Politics vs privacy: Heads they win, tails you lose

If this political season has proven one thing, it's that neither the Obama nor the Romney campaigns give a damn about your personal privacy.

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So when you go to vote, some stranger will be standing there eyeballing you to determine if you look Republican and ticking you off a list. I find that a bit creepy too, don’t you?

[Update: Two days after casting my ballot early, I got an an email from the Obama campaign: "We see you voted early, Dan...." So clearly the Obamaniacs are watching me too, only from a little further away.]

It’s not just the candidates. The super PACs are getting into it as well. I installed the Vote Early 2012 Facebook app from Karl Rove’s American Crossroads political action committee to see what it would do. Mostly what it seems to do is mine my Facebook profile for information.

Ever since then, I’ve been seeing a heckovalot more pro-Romney ads show up on my Facebook news feed. Are these two things related? Hard to say.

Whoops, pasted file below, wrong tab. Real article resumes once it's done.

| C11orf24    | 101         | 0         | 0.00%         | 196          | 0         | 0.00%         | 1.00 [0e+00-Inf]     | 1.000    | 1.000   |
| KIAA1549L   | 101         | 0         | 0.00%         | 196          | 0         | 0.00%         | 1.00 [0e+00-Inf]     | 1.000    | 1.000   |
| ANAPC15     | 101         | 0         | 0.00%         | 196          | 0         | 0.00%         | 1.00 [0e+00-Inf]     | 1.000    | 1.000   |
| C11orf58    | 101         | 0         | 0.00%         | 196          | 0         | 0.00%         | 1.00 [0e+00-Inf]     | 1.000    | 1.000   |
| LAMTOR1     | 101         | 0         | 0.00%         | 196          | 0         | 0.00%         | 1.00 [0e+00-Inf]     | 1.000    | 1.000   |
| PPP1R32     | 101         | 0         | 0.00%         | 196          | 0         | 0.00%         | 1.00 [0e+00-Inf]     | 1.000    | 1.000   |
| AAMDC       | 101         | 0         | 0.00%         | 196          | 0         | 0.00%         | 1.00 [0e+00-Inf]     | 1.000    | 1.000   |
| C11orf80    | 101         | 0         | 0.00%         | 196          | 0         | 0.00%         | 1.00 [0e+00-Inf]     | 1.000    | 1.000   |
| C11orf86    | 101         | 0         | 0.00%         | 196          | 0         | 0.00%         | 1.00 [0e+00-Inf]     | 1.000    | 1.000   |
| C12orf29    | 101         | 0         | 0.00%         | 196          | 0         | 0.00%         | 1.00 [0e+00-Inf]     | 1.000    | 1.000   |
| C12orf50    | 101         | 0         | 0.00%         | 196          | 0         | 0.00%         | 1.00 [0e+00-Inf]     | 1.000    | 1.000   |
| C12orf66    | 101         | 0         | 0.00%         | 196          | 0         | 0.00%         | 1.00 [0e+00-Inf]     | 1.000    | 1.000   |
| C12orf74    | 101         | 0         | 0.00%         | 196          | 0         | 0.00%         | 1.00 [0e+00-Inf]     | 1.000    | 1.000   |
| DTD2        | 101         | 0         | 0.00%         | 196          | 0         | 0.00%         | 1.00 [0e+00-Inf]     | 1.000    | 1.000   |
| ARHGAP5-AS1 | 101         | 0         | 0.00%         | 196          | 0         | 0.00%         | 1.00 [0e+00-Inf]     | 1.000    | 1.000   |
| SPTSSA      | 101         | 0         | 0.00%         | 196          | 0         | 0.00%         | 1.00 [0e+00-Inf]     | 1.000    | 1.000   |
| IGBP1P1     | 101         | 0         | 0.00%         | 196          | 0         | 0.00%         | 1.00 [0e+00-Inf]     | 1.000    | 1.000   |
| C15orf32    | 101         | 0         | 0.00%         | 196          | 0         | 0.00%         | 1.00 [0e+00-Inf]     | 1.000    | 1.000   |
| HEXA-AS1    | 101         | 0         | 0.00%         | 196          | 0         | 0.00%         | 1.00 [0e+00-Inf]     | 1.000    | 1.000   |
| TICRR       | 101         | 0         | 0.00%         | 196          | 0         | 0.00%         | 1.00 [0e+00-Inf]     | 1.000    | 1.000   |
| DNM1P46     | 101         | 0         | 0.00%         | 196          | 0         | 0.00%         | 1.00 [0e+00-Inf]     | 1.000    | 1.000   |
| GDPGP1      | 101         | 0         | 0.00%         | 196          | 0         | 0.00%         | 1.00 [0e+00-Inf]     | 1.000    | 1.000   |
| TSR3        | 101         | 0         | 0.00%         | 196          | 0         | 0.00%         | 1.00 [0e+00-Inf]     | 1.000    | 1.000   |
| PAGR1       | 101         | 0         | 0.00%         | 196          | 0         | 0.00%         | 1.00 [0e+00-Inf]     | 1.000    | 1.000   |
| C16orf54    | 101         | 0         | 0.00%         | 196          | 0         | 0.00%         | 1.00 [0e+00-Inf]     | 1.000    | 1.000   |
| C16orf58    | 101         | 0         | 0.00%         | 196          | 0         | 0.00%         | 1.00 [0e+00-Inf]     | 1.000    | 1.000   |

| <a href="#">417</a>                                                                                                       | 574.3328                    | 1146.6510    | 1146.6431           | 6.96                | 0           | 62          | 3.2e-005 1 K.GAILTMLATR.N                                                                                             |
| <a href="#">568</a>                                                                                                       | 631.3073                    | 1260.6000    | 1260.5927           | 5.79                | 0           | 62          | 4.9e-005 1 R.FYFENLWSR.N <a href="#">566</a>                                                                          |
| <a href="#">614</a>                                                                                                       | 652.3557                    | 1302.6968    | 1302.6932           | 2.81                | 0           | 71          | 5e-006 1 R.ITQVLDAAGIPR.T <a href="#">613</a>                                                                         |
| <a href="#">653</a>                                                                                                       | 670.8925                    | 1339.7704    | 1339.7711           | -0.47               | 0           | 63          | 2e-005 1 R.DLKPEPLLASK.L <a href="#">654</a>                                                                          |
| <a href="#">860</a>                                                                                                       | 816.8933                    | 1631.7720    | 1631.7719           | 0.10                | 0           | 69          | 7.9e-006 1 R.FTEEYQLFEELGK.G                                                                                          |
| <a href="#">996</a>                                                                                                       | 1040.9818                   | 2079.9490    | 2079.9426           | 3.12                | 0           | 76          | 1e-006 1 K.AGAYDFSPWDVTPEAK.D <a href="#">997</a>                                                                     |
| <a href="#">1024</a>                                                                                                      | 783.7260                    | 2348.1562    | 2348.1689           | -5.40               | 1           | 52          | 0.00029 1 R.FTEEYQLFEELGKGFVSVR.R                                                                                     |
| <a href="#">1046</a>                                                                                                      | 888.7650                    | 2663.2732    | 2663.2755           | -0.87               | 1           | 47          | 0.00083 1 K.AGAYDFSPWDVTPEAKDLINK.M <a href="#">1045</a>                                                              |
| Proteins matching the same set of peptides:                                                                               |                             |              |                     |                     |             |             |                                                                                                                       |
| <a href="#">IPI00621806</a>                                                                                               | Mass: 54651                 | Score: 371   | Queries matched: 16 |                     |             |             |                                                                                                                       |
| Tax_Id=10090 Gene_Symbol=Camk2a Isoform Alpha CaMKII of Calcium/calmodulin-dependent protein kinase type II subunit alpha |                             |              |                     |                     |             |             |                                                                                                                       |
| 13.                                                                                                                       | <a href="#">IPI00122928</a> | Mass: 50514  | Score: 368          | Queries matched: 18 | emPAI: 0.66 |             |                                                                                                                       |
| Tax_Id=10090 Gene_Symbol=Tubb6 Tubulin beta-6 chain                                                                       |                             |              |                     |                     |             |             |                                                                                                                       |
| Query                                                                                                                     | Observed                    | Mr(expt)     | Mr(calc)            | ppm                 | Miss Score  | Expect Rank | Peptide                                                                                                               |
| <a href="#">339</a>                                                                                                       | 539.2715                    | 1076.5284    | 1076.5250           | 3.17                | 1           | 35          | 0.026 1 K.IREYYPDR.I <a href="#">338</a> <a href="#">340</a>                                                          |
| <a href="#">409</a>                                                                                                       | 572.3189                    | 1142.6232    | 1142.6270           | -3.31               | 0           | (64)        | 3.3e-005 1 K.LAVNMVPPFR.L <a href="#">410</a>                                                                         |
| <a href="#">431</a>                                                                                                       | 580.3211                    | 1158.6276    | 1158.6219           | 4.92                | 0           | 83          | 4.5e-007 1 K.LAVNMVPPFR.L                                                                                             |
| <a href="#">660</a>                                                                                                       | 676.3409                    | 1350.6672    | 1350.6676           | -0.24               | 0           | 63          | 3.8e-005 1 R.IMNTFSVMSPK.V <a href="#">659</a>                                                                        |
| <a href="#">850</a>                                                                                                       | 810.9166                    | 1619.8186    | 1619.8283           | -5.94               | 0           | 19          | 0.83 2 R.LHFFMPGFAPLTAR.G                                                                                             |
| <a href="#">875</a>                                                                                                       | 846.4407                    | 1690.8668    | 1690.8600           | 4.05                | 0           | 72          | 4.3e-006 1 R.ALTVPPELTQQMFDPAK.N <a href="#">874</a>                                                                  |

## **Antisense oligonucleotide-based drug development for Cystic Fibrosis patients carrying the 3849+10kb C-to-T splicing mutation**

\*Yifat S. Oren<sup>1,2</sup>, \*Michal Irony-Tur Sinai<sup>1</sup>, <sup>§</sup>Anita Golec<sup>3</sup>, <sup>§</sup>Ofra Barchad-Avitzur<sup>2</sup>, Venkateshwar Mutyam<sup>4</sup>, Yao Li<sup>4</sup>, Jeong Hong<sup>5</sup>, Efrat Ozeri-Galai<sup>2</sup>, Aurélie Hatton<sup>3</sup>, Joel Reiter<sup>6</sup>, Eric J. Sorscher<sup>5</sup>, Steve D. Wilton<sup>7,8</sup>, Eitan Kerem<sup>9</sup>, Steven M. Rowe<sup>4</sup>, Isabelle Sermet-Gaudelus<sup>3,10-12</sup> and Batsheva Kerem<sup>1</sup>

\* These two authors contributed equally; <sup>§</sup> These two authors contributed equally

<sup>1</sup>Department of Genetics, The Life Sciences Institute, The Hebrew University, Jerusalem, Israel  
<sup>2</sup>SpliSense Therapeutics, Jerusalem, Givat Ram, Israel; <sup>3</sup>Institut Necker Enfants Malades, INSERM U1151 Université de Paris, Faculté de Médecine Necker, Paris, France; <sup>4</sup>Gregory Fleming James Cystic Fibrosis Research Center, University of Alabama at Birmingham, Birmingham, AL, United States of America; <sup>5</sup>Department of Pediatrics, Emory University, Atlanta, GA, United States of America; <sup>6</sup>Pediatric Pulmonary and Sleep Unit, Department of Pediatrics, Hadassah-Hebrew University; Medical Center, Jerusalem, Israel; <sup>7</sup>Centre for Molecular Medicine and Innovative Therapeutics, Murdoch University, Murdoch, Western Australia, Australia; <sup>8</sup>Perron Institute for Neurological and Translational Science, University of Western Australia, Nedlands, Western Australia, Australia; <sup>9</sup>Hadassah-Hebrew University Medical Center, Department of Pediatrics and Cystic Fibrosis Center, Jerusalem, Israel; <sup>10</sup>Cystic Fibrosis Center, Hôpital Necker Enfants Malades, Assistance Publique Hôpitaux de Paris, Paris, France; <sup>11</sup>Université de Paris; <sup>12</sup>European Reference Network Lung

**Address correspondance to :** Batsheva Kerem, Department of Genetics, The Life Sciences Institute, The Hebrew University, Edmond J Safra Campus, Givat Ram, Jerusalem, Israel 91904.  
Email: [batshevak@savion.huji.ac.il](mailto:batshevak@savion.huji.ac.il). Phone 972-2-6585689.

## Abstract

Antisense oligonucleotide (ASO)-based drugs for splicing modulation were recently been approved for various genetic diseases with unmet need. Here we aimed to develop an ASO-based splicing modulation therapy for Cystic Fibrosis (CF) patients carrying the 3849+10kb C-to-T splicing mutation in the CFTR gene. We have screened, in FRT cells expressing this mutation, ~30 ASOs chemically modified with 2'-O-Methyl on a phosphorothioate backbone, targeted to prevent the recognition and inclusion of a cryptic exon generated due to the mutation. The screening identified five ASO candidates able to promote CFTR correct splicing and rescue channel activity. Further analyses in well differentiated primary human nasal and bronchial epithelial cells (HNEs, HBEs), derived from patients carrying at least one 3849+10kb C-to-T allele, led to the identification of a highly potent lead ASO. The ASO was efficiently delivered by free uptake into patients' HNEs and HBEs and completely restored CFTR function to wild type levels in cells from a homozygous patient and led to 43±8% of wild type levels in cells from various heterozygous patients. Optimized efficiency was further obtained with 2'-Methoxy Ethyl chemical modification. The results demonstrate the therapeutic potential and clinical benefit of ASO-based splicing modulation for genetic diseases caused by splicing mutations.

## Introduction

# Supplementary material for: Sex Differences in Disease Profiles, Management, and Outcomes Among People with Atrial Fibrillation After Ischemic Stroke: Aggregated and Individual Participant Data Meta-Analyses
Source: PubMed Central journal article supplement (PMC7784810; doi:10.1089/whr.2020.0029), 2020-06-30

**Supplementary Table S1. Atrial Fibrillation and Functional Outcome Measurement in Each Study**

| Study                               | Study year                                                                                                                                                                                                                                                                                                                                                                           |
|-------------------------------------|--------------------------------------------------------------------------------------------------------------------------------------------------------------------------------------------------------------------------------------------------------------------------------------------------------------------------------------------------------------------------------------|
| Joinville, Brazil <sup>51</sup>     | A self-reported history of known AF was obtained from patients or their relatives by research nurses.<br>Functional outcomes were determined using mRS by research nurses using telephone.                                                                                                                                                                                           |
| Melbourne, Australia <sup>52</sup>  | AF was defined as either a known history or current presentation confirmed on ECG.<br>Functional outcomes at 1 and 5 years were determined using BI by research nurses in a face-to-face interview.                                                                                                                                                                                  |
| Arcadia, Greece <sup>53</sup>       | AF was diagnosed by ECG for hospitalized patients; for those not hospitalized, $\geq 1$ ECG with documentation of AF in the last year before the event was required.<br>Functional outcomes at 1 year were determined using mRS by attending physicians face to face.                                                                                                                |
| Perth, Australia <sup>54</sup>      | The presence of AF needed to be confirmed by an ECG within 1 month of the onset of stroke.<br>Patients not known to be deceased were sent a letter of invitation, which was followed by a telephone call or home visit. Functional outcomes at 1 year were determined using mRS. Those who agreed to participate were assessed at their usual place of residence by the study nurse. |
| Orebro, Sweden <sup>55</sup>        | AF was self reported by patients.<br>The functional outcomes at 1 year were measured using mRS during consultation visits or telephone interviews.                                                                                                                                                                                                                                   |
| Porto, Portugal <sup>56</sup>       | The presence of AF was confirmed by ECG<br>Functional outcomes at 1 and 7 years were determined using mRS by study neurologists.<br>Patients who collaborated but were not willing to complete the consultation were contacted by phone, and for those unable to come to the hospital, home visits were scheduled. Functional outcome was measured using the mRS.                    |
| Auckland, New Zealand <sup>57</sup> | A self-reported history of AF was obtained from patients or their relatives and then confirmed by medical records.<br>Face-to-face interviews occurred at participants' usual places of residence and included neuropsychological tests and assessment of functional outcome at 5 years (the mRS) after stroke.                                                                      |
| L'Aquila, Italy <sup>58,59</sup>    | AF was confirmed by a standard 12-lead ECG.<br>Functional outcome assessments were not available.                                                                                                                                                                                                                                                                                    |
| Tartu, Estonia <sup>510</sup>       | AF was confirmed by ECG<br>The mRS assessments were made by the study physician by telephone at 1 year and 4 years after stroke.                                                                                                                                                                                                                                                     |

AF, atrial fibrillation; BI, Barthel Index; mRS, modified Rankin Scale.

The worst data collection, however, is the kind that goes on invisibly as you surf. Visit either candidate’s Web site and your browser will quickly be festooned with dozens of trackers that will follow you around the Web.

Evidon, the folks behind the Ghostery browser add-on and the Ad Choices program, released a report last week detailing the number and types of online trackers used by the campaign Web sites. Using data gathered from more than 7 million Ghostery users, Evidon found that the number of trackers used by both parties has more than doubled over the past six months, and that the Obamanistas use almost twice as many trackers as the Romneyans.

As Evidon blogger Andy Kahl notes:

Instead of managing their campaign websites as though they were traditional content sites, both campaigns are managing them as though they were sophisticated online commerce sites.  This anonymous tracking of users across the web empowers the campaigns to target them with advertising messages to win their vote the way an e-commerce provider targets consumers to win a transaction.

Of course, that information costs money. In a campaign whose total cost may exceed $6 billion, many hundreds of millions have been spent on obtaining and refining data.

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